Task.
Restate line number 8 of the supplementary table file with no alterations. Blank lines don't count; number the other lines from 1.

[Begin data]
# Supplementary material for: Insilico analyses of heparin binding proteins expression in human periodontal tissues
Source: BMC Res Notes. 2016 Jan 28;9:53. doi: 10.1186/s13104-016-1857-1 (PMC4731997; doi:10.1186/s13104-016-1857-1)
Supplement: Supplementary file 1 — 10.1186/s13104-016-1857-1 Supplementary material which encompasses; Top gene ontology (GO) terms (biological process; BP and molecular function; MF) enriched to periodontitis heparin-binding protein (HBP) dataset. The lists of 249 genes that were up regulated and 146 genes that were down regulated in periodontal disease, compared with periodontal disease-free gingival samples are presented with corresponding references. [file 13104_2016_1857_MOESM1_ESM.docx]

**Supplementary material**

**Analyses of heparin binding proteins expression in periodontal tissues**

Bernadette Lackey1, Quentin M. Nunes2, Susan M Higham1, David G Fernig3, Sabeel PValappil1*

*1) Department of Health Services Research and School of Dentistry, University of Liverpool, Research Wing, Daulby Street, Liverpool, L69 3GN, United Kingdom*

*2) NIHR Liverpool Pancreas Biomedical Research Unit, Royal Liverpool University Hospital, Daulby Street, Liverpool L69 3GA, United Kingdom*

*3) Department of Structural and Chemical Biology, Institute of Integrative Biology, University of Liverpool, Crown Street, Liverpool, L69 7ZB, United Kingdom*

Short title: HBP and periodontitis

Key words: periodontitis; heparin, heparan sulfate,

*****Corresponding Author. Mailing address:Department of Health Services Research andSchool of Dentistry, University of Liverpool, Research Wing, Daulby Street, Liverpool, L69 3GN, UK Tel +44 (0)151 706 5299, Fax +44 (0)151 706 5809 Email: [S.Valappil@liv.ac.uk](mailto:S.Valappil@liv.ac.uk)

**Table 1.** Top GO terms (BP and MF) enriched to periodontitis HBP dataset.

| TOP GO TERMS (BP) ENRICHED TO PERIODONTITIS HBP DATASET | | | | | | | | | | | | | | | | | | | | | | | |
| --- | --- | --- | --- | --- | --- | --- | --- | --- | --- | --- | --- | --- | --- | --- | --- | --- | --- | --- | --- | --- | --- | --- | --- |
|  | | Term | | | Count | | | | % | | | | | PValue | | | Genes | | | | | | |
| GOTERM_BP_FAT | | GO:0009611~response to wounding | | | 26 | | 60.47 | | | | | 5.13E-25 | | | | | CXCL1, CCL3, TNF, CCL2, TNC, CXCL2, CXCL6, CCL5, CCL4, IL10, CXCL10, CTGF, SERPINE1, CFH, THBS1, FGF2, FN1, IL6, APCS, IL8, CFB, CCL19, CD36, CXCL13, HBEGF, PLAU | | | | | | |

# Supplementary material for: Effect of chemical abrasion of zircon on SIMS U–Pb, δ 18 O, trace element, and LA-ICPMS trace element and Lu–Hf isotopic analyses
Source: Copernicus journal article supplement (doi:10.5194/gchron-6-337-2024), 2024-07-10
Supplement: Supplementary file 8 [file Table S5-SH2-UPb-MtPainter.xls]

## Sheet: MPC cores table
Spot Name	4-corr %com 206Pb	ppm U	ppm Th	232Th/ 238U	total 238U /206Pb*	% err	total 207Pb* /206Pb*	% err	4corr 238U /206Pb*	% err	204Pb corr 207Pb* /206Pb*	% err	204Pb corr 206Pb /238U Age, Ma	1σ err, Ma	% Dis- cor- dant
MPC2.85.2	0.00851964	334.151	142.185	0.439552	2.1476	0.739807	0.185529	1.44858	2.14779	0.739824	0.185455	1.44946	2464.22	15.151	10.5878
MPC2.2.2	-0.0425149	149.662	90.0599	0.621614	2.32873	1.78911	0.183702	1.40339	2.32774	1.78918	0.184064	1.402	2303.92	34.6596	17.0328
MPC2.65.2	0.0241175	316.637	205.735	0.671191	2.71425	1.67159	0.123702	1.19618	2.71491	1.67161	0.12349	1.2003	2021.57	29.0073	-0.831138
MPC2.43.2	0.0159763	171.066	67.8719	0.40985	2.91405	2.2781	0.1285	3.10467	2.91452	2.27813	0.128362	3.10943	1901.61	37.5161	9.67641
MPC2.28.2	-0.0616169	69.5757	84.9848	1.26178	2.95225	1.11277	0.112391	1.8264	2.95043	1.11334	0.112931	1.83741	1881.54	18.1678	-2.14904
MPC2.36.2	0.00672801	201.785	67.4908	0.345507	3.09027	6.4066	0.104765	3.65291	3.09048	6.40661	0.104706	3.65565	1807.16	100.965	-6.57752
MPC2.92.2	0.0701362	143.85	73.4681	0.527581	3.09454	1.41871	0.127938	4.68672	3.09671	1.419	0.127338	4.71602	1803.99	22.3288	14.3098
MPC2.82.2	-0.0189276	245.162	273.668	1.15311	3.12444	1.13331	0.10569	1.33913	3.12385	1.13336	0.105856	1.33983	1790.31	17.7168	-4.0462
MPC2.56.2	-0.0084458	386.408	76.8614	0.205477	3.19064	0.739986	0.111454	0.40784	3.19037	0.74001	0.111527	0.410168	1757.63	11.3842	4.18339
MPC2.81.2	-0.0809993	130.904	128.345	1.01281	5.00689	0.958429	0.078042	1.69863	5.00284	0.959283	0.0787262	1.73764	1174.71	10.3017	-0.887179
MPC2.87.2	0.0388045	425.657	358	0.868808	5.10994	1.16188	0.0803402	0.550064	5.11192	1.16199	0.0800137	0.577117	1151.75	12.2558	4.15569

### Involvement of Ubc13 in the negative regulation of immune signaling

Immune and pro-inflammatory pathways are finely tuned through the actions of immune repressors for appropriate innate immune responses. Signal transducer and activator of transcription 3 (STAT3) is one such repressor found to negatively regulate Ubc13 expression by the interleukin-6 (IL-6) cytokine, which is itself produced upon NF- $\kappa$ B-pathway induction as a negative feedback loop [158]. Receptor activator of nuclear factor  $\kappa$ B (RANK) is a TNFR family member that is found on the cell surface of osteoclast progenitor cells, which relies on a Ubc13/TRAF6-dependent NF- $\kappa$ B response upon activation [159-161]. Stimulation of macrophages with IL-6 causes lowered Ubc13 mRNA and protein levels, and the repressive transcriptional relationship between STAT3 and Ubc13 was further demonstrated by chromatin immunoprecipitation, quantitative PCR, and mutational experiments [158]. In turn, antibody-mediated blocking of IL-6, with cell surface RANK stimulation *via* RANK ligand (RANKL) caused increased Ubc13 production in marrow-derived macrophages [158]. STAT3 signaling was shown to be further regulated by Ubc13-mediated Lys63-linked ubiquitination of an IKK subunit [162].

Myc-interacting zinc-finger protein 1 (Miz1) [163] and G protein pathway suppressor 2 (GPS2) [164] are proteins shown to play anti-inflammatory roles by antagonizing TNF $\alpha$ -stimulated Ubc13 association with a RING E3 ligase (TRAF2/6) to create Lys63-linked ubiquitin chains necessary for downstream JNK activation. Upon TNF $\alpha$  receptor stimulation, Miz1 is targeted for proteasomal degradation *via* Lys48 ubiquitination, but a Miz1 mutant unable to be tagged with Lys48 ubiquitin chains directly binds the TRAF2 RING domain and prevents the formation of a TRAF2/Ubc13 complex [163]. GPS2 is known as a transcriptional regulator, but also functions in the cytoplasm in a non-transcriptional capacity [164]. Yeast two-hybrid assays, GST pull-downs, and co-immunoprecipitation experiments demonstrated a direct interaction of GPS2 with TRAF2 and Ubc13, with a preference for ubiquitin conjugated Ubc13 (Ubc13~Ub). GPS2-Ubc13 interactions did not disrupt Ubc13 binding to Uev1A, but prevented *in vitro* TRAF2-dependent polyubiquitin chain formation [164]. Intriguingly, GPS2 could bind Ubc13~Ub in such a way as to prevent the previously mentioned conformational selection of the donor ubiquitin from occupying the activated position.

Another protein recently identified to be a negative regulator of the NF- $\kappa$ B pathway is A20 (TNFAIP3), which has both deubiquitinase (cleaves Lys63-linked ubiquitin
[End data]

*2) NIHR Liverpool Pancreas Biomedical Research Unit, Royal Liverpool University Hospital, Daulby Street, Liverpool L69 3GA, United Kingdom*